7 July 1916 - Mametz Wood: First Phase
The first phase of the battle of Mametz Wood began on Friday the 7th July 1916. In the early hours of the morning, British artillery was firing on German positions around Mametz Wood, hoping to damage German positions in preparation for the attack scheduled to commence at 06:30. The planned attack was risky, it required the soldiers to cross an uphill stretch of open land to reach the forward German positions in Mametz Wood. In order to facilitate this, a smoke screen would be produced to provide the soldiers some cover from machine gun and sniper fire. However, even before the attack was launched things were already going astray. The returning artillery fire from the Germans slowed preparation for the attack, delaying the attack by two hours, and the all-important smoke screen was never produced.
J.H. Hughes (10th South Wales Borderers [SWB]) provides an account of the first phase of the attack:
“…it had been raining for about three days before, so you may imagine the state the ground was in. Well, to go on with the story of the attack. We went crawling up the ridge. The 16th Welsh were on our right and our 13 Comp [Company] were leading. Evidently the Germans had seen what our intentions were, for they came running from a village named Bazentin-le-Petit, up to the Wood, having machine gunners, snipers etc, already there. Well our boys reached the top of the ridge, having a downward slope of about two hundred yards before reaching the outskirts of the wood. From what I saw, the Germans intended to hold it at all costs, for they had it well fortified, and thick with machine guns. Our lads reached to get over the top of the ridge, but the fell as quickly as they appeared some, never to hear a voice again. About two platoons got over to the other side of the ridge, and from there dared not move.”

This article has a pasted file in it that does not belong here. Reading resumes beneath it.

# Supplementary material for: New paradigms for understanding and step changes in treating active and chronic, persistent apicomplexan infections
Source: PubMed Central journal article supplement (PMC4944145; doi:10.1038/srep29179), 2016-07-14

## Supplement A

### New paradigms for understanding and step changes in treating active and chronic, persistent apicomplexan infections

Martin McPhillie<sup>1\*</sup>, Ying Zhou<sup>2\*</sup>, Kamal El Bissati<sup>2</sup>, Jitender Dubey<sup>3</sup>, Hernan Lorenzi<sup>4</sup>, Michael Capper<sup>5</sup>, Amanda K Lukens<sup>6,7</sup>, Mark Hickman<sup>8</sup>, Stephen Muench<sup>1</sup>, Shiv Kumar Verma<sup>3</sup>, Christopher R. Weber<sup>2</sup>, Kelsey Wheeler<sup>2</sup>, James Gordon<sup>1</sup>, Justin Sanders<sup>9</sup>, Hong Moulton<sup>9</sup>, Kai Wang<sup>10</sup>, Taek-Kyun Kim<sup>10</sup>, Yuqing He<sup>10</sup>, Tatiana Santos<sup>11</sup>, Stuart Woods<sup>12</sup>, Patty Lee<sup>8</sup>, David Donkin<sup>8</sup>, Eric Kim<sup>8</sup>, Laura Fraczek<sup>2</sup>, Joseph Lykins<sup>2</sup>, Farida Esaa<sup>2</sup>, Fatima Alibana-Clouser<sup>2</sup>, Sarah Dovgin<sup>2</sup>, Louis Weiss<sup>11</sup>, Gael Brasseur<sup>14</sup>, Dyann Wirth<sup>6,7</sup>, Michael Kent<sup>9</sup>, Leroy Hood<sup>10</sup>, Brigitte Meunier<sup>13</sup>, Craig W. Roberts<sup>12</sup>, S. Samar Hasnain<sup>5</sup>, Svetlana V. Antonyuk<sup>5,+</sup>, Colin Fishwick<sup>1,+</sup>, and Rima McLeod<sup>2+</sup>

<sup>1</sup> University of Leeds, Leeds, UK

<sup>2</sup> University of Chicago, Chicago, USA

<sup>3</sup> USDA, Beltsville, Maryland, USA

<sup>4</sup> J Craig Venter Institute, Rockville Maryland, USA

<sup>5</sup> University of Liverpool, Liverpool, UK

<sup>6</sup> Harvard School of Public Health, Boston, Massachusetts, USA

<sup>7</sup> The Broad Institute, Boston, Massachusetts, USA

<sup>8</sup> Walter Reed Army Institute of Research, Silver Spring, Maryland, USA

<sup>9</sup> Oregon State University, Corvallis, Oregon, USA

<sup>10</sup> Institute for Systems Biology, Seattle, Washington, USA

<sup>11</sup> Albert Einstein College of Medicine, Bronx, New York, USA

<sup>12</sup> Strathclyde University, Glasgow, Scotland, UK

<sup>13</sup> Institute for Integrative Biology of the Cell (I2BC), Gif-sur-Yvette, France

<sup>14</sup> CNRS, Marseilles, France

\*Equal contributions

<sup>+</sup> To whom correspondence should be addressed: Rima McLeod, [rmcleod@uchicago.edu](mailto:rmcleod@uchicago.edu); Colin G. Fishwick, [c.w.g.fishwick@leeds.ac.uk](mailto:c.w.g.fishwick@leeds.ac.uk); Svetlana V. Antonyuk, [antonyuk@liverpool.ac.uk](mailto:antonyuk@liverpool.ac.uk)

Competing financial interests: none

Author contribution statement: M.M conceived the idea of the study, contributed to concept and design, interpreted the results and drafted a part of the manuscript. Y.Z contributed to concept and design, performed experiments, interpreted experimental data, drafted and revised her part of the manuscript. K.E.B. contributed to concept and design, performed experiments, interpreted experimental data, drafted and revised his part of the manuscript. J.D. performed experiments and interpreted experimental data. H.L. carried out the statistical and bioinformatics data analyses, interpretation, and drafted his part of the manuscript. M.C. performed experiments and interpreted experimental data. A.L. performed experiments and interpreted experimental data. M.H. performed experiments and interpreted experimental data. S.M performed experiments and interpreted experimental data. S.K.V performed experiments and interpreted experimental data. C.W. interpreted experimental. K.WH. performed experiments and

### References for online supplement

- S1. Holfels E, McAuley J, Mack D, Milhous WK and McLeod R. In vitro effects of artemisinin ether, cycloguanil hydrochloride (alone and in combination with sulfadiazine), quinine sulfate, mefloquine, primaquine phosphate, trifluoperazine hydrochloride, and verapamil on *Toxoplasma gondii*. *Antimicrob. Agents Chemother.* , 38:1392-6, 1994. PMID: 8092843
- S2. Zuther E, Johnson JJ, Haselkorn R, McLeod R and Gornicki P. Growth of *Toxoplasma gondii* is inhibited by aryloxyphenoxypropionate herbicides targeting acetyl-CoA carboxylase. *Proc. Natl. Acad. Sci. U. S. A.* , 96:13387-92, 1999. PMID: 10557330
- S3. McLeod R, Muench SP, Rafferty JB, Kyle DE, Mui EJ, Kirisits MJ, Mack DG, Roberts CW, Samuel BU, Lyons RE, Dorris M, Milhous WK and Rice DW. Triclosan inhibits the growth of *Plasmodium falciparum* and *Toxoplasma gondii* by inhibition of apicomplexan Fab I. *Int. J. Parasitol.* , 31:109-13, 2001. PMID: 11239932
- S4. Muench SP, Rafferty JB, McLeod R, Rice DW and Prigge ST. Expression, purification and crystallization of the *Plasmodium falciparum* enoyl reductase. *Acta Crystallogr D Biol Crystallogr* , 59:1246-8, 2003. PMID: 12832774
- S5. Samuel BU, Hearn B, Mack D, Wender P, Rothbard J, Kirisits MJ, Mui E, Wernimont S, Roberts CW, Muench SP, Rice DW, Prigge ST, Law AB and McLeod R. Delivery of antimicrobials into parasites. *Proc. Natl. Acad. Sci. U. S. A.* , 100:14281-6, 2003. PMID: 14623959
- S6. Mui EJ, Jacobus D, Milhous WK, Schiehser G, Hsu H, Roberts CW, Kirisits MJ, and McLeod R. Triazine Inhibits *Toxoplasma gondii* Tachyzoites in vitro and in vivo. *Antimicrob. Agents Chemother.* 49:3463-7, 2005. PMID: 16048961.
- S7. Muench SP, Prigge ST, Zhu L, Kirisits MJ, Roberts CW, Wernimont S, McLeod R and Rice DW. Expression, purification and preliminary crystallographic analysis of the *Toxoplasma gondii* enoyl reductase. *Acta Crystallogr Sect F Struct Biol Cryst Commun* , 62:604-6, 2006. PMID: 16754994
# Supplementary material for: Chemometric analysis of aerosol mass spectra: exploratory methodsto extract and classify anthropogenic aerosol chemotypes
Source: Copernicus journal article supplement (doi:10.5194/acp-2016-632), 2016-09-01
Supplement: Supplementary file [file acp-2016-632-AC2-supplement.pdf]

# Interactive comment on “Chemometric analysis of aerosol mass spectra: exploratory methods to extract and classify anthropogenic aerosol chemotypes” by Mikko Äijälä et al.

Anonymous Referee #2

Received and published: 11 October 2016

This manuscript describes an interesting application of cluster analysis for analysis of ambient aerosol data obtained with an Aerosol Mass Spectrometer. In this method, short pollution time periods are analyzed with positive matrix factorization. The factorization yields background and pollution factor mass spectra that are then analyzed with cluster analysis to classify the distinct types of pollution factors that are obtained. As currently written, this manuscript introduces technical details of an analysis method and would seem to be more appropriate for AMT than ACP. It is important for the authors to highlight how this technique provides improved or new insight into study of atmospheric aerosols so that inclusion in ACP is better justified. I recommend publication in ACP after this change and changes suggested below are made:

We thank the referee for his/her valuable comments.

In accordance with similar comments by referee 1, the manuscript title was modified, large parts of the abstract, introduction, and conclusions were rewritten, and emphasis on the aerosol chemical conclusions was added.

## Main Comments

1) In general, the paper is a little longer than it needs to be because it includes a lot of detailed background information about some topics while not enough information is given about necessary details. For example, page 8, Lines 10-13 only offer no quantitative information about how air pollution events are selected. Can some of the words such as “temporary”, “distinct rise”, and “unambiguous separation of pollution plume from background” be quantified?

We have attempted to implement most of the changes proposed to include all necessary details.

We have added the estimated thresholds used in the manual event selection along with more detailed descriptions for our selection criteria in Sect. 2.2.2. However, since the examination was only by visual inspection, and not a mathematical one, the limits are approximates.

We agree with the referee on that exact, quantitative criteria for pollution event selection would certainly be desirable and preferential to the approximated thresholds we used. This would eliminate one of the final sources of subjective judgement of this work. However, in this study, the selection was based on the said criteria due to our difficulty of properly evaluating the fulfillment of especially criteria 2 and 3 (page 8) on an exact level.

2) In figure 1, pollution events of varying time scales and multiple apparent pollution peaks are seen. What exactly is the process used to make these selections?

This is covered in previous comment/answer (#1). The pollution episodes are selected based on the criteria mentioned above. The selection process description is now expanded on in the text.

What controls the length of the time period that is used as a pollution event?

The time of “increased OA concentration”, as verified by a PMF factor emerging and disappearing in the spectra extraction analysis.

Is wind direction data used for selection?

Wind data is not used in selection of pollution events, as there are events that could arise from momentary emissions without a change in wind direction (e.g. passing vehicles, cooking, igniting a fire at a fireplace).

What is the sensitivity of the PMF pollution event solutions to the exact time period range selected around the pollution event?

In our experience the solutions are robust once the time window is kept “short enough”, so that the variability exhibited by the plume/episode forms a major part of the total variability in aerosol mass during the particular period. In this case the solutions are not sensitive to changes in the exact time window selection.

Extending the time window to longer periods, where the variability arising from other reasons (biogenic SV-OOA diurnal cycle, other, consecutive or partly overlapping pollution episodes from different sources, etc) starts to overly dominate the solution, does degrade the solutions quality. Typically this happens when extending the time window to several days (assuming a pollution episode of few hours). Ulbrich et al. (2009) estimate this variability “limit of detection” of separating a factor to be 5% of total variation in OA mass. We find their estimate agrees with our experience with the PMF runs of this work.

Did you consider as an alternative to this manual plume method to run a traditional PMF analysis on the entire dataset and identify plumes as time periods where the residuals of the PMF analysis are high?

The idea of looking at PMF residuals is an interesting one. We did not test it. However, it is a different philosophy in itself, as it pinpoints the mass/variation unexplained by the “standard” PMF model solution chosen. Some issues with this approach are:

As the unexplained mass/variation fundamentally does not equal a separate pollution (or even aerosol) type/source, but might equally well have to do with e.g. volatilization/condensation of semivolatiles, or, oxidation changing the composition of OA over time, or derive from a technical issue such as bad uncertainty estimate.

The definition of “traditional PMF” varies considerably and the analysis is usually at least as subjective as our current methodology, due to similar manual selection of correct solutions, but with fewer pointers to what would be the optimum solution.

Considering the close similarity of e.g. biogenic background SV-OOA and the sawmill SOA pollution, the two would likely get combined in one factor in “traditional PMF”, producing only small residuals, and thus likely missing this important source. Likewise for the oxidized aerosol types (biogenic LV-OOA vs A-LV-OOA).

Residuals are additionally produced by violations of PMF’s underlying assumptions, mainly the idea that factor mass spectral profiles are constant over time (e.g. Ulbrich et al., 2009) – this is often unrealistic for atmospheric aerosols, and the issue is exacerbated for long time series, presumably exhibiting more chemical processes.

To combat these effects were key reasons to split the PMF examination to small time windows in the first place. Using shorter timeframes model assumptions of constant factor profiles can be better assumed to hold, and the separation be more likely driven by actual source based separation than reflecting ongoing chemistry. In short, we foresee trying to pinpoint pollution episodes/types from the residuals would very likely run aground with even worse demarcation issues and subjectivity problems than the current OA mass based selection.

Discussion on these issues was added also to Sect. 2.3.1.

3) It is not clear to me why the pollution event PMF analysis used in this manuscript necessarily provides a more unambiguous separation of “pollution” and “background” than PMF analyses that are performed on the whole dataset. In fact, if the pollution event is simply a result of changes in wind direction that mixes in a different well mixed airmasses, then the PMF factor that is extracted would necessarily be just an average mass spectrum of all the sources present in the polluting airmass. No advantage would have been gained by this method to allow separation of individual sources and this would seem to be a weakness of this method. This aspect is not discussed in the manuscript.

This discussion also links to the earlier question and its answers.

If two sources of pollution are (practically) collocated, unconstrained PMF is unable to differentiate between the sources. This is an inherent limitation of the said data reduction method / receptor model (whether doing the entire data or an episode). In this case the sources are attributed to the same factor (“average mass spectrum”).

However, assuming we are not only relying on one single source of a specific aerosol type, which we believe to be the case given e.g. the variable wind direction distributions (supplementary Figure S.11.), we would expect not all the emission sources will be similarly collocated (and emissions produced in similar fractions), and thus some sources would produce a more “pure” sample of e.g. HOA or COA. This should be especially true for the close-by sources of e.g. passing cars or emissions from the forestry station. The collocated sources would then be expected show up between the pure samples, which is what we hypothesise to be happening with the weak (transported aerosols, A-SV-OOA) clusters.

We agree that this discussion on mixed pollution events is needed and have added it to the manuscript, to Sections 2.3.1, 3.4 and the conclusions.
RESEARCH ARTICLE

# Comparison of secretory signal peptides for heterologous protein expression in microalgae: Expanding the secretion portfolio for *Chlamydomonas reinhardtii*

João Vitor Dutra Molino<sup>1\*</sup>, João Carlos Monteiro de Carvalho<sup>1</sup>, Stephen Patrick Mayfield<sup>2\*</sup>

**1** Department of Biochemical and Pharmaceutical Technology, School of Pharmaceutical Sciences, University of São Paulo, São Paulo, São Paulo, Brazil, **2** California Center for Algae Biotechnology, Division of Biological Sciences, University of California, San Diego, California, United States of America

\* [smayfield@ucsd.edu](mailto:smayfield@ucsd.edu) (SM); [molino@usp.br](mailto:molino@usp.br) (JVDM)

The open ground between the woods and the British position proved to be deadly for many soldiers involved in the attack. The German machine guns had the high ground and could target them as they ascended the ridge and made their way to the wood. As a result, the divisions were pinned down, sheltering in shell holes, where they were sniped, mortared, and shelled. Following further artillery fire, and another failed attack order at 10:15, Hughes’ company was given the order to retire. The 10th SWB made another attempt later at 15:15, which again was unsuccessful and resulted in the death of the battalions commanding officer, Lieutenant-Colonel Wilkinson. Orders for a fourth attempt were given at 17:00, but were contested by Brigadier-General Evans which led to them receiving orders to withdraw instead.
[Photograph of Gas Mask]
The fighting on this day was the first real fighting seen by the 38th Welsh, it failed to make any gains, and the division suffered heavy losses. Further attacks were ordered on the night of the 8/9th July with the 14th Royal Welsh Fusiliers, however due to the waterlogged state of the trenches, the order was not received on time, and the attack never occurred. On the 9th July, High Command, dissatisfied with the progress, fired Brigadier-General Evans, and replaced him with Major-General Herbert Edward Watts marking the end of the first phase of the battle.
During this change over of command, the battle did not cease, the shelling continued and casualties were still inflicted on both sides. One of the casualties being J.H. Hughes (10th SWB) who wrote of his experience:
[Photos of J.H. Hughes Account]
Transcript of J.H. Hughes’ account
“… Well we were under an embankment, the shells were burst all around us, and high explosives were exploding above us. I was expecting death at any moment, its no wonder Horatio Bottomly termed his visit to us as being “Somewhere in Hell”; by Heavens! That seemed like it without a doubt. After most of our men were either killed or wounded, one nasty black shell burst right above our heads and in another second a piece of the shell entered my right shoulder, another struck my left leg., my arm went stiff almost at once, and the pain was awful. a piece of the same shell hit Goddard (hewfort) in the muscle of the right arm, he fainted off almost at once. I passed the word to the few unwounded to send the stretcher bearers to him. After stripping myself of all equipment, and tunic on one arm, I wondered how I was to get across the space of a hundred yards to the door of the dugout, which was used as a temporary dressing station. In half a minute, I made up my mind and risking all their shrapnel and gunfire I made the best run I could, to that dressing station, being very much weak I could hardly stand, much less run, with shrapnel falling all around me. I dropped rather than stood at the door of the dressing station. Just as I got inside a shell blew half the door away, and as luck happened I escaped further injury.”